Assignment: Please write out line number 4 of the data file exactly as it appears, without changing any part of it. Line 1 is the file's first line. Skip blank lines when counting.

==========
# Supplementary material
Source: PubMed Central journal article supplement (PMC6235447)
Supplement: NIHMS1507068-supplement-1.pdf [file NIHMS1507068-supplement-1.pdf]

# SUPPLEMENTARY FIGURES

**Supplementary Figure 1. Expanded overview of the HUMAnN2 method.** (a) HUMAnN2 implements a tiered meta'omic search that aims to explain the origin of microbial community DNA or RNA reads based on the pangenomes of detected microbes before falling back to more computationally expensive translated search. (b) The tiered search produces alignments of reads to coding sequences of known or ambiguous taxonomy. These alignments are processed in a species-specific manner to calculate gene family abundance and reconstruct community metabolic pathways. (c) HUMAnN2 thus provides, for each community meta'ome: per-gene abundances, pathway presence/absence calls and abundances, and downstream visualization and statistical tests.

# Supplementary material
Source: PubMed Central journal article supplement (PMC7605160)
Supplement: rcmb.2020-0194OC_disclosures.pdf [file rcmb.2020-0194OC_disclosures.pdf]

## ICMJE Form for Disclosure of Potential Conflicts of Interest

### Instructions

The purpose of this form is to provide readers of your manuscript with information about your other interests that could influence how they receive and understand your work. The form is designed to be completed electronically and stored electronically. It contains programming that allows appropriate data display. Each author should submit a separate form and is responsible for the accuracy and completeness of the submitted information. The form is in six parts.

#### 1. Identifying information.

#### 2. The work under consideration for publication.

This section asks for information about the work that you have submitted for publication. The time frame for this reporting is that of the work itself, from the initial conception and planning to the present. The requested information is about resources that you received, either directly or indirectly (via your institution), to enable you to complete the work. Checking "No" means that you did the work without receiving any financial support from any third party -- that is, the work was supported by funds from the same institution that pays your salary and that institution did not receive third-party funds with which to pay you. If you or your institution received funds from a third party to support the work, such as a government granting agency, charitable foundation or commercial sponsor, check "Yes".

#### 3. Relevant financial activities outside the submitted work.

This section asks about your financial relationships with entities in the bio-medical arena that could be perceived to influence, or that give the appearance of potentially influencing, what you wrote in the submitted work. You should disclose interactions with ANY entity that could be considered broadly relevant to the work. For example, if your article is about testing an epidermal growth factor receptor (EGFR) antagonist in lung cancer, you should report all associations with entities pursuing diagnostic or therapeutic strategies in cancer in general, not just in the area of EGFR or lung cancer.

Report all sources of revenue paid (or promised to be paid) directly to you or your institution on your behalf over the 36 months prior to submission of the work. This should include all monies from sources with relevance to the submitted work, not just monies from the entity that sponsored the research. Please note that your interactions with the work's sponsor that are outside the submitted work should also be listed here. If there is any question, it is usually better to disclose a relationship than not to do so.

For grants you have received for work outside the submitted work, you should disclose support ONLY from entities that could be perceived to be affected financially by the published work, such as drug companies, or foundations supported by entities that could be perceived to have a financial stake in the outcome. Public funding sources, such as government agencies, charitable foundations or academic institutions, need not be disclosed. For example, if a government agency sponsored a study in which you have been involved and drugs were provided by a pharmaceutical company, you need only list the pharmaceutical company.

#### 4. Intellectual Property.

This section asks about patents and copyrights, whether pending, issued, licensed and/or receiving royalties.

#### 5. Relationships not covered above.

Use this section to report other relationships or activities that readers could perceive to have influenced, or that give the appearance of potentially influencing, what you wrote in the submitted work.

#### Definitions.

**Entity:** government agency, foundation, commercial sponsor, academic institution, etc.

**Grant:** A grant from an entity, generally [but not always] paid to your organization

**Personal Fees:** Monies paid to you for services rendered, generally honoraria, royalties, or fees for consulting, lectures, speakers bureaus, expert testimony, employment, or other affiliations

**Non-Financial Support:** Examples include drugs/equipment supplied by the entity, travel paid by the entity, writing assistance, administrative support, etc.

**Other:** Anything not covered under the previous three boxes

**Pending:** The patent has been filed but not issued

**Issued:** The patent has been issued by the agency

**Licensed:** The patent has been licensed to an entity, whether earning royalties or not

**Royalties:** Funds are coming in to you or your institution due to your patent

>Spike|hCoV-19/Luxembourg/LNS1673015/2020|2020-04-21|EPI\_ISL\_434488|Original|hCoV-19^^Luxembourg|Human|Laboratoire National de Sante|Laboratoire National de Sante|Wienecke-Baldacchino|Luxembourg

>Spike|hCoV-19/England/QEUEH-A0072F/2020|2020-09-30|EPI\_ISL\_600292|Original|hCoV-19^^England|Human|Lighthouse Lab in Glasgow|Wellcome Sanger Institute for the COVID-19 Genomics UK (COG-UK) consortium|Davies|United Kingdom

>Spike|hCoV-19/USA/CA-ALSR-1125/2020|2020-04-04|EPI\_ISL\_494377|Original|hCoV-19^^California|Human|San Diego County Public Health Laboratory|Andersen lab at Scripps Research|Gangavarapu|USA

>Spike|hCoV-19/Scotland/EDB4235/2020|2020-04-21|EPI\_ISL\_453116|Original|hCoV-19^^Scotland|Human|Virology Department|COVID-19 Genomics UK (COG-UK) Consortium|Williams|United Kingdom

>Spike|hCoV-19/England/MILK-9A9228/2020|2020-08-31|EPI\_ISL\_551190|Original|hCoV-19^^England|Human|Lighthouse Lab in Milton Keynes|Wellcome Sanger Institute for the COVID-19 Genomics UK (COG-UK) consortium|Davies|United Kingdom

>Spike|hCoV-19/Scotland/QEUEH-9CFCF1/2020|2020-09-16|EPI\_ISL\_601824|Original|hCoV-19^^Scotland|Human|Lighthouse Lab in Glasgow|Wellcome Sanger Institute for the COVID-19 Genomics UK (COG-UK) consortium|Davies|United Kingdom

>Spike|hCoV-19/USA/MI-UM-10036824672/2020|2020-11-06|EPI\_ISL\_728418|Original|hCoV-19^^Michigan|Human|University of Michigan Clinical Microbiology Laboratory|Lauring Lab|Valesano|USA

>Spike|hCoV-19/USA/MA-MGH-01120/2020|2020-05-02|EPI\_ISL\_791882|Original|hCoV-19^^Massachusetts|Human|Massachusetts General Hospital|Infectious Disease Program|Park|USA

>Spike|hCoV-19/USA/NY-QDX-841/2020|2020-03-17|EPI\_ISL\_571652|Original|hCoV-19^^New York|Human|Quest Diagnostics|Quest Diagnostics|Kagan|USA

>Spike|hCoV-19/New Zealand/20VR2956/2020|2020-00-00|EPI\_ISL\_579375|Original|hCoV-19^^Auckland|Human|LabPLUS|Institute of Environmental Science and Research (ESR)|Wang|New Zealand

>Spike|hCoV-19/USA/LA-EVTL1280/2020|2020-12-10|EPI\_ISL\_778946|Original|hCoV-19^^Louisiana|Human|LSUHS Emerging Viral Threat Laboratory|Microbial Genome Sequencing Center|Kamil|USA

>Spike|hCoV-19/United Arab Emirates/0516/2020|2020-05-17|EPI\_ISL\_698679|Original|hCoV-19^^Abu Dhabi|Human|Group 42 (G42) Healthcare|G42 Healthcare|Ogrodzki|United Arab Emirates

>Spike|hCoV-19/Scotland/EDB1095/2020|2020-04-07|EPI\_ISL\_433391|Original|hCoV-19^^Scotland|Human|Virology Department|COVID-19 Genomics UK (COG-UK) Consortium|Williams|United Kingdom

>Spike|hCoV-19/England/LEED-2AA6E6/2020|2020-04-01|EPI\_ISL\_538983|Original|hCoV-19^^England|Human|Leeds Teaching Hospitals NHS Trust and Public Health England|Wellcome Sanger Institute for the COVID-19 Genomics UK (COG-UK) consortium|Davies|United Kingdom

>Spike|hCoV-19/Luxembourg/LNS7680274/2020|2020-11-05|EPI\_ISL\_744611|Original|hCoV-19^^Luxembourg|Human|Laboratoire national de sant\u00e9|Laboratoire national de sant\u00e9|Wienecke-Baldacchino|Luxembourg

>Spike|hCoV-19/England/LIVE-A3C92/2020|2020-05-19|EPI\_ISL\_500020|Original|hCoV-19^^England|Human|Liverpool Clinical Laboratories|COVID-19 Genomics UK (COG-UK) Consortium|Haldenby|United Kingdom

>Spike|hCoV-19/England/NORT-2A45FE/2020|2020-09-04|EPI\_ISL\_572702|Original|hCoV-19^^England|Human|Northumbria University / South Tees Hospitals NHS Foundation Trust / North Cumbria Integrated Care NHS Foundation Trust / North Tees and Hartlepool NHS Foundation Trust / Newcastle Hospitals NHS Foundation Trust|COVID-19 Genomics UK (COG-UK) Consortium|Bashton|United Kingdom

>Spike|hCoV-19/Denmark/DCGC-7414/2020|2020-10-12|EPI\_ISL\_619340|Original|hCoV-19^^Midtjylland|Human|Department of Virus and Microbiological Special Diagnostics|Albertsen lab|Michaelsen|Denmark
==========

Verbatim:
# SUPPLEMENTARY FIGURES